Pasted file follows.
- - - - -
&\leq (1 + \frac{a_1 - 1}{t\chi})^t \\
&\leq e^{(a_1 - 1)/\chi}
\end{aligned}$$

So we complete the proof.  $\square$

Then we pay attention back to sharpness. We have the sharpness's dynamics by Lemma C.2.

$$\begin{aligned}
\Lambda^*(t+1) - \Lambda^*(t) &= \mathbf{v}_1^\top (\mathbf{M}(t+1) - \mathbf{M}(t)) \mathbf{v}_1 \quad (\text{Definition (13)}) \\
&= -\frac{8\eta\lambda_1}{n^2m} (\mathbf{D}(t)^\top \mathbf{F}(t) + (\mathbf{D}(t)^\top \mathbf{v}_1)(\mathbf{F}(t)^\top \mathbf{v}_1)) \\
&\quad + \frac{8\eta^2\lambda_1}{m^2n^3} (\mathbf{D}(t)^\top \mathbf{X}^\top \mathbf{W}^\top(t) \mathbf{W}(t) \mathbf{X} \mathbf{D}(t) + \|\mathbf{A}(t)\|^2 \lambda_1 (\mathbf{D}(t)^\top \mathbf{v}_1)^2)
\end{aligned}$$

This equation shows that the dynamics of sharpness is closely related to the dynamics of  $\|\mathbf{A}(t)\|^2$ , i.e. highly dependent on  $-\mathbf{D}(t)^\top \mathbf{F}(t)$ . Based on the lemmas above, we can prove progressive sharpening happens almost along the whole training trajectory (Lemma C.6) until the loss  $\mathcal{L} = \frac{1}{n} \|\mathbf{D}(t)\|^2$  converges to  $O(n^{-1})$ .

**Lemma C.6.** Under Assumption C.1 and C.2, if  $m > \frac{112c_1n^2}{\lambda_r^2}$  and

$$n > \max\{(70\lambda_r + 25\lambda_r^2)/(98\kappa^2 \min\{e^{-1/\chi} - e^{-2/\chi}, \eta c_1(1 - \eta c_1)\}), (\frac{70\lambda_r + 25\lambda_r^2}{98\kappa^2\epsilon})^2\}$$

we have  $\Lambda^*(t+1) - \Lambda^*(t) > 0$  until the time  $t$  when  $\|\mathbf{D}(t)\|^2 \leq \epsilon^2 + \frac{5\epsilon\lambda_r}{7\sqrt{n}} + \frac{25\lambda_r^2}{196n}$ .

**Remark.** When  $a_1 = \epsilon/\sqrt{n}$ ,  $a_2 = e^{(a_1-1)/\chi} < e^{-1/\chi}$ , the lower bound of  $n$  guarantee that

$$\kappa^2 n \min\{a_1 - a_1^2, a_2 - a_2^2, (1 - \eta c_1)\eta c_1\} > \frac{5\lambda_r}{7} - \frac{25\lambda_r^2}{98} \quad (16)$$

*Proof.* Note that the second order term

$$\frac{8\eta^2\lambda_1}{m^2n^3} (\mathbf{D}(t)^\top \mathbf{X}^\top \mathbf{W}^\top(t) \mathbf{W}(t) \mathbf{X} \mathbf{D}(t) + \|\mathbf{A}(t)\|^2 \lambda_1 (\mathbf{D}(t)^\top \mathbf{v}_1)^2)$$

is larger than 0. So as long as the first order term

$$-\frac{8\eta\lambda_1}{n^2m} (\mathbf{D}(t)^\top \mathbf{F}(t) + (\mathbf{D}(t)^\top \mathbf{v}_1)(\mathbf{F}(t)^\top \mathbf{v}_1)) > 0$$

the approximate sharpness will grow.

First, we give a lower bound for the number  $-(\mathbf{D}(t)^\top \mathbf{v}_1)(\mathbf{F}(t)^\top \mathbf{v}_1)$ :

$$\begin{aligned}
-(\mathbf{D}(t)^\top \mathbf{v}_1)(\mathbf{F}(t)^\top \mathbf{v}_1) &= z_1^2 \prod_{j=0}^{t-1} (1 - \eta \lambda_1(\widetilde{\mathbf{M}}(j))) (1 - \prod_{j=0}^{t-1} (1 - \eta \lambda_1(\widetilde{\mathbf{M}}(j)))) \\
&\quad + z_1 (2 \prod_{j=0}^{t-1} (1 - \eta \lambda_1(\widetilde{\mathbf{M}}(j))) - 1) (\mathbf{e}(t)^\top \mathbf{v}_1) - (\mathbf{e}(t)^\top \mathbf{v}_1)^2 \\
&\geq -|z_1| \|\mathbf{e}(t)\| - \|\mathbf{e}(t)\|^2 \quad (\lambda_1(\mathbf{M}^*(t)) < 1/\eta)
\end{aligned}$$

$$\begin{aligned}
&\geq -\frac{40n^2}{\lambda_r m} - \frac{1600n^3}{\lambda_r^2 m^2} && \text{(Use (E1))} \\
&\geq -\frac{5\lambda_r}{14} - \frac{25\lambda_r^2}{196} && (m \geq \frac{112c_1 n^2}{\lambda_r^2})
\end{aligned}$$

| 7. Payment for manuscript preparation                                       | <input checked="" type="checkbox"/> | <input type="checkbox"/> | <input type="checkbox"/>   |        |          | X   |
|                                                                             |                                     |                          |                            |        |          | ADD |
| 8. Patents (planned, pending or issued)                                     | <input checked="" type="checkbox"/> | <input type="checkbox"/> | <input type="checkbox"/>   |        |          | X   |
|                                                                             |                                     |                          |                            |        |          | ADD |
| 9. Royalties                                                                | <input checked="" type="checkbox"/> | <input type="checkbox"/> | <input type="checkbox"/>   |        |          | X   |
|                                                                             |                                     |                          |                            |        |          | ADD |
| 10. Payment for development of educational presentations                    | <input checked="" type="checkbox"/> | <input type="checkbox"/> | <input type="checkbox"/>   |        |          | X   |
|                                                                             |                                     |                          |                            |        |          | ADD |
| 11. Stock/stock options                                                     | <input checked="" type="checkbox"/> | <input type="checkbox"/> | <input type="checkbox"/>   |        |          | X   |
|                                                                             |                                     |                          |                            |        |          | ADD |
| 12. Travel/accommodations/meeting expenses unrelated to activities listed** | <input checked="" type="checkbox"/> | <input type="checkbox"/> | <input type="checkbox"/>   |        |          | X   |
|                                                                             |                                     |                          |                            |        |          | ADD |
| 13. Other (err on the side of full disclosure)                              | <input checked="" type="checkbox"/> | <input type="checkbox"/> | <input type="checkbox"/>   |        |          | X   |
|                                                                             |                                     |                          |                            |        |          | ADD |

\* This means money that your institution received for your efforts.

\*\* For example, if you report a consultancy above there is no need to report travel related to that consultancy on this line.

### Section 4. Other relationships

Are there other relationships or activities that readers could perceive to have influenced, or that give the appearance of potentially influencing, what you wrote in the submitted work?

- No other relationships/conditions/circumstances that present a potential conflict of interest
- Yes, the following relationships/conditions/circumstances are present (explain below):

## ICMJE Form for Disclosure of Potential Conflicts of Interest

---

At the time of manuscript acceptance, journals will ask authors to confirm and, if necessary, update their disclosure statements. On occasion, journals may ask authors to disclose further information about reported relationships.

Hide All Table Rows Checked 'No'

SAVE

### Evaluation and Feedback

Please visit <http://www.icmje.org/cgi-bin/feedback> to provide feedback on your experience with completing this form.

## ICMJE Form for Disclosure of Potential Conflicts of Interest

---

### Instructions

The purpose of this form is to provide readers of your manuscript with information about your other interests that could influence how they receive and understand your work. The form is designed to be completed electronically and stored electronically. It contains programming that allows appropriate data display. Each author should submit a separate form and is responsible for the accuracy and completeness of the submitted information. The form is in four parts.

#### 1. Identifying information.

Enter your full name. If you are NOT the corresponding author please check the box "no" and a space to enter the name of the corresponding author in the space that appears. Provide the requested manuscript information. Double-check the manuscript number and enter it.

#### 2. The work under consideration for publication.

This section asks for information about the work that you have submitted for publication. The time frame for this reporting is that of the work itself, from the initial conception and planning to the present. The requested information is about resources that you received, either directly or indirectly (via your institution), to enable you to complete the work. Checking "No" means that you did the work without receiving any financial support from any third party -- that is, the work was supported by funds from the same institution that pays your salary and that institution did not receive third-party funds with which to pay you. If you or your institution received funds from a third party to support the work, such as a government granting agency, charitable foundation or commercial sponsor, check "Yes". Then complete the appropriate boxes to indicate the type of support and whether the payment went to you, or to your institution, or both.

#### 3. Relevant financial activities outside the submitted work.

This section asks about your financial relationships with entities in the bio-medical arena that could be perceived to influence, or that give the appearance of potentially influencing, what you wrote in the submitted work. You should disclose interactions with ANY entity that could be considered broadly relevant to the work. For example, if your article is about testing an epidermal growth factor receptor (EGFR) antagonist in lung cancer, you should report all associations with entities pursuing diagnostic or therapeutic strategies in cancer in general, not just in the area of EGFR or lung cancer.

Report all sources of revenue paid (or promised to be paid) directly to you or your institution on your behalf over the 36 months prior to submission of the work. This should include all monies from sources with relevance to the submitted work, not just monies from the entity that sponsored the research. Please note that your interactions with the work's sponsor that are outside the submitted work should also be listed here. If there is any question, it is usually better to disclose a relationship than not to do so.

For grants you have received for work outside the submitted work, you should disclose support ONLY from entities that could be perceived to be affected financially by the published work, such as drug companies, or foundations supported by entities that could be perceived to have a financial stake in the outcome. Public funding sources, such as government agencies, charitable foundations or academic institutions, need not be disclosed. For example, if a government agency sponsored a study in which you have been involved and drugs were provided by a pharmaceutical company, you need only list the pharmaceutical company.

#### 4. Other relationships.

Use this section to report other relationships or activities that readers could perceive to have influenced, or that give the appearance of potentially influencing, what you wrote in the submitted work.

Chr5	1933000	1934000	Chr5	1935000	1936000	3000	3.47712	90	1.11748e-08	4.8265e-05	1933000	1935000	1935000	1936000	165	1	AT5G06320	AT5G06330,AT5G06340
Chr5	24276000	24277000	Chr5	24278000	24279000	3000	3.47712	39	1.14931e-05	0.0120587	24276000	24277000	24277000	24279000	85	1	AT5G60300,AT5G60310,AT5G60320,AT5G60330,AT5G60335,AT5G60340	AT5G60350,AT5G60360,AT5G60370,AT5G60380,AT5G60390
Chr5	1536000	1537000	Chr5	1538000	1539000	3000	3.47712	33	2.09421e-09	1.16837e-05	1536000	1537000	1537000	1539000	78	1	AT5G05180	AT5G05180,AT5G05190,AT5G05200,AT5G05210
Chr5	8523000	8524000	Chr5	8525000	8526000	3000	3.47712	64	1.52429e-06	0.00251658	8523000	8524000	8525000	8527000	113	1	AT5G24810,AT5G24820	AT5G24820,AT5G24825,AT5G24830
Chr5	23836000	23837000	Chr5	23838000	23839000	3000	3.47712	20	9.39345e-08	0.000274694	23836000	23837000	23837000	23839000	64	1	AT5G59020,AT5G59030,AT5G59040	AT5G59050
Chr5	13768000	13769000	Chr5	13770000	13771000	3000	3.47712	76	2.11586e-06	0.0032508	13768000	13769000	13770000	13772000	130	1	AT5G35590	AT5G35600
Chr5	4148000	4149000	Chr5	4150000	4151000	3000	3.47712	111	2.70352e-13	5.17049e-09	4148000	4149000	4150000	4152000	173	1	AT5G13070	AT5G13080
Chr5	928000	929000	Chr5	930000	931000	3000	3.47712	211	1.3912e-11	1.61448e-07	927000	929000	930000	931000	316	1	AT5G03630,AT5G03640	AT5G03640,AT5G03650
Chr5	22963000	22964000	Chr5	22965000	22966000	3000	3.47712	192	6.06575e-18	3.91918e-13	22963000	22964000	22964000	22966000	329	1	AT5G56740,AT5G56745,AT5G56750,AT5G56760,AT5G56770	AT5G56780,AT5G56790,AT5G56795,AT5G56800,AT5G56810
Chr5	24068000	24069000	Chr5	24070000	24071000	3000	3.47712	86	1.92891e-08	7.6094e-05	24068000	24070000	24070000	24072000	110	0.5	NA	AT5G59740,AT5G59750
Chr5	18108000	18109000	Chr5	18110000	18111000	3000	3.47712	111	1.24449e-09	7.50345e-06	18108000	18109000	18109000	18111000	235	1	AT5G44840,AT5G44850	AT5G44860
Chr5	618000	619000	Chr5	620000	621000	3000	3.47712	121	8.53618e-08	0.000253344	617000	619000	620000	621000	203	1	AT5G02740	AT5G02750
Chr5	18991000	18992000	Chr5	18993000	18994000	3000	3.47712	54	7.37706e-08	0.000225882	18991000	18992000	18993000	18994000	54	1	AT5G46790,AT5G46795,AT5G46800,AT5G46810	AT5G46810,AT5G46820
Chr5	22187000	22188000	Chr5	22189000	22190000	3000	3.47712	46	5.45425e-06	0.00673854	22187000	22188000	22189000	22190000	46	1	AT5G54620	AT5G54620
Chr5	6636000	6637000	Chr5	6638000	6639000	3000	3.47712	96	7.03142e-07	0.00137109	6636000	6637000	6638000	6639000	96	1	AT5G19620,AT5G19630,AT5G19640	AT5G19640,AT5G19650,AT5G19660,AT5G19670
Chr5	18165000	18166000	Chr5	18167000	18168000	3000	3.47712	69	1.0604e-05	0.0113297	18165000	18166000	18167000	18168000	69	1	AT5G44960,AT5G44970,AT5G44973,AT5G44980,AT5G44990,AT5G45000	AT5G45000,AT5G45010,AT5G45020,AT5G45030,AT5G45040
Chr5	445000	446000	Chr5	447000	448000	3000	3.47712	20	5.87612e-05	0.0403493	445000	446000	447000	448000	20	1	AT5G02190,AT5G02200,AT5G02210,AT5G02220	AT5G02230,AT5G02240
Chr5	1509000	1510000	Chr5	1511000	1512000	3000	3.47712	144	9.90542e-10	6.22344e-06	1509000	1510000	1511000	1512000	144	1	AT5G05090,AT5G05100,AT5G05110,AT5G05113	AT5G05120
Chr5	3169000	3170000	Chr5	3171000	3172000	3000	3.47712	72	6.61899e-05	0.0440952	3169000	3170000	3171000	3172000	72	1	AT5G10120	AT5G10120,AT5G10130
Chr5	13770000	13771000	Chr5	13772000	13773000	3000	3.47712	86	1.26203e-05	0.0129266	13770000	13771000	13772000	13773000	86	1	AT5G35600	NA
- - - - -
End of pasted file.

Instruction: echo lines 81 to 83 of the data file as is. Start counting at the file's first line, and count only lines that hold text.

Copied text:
Chr5	22963000	22964000	Chr5	22965000	22966000	3000	3.47712	192	6.06575e-18	3.91918e-13	22963000	22964000	22964000	22966000	329	1	AT5G56740,AT5G56745,AT5G56750,AT5G56760,AT5G56770	AT5G56780,AT5G56790,AT5G56795,AT5G56800,AT5G56810
Chr5	24068000	24069000	Chr5	24070000	24071000	3000	3.47712	86	1.92891e-08	7.6094e-05	24068000	24070000	24070000	24072000	110	0.5	NA	AT5G59740,AT5G59750
Chr5	18108000	18109000	Chr5	18110000	18111000	3000	3.47712	111	1.24449e-09	7.50345e-06	18108000	18109000	18109000	18111000	235	1	AT5G44840,AT5G44850	AT5G44860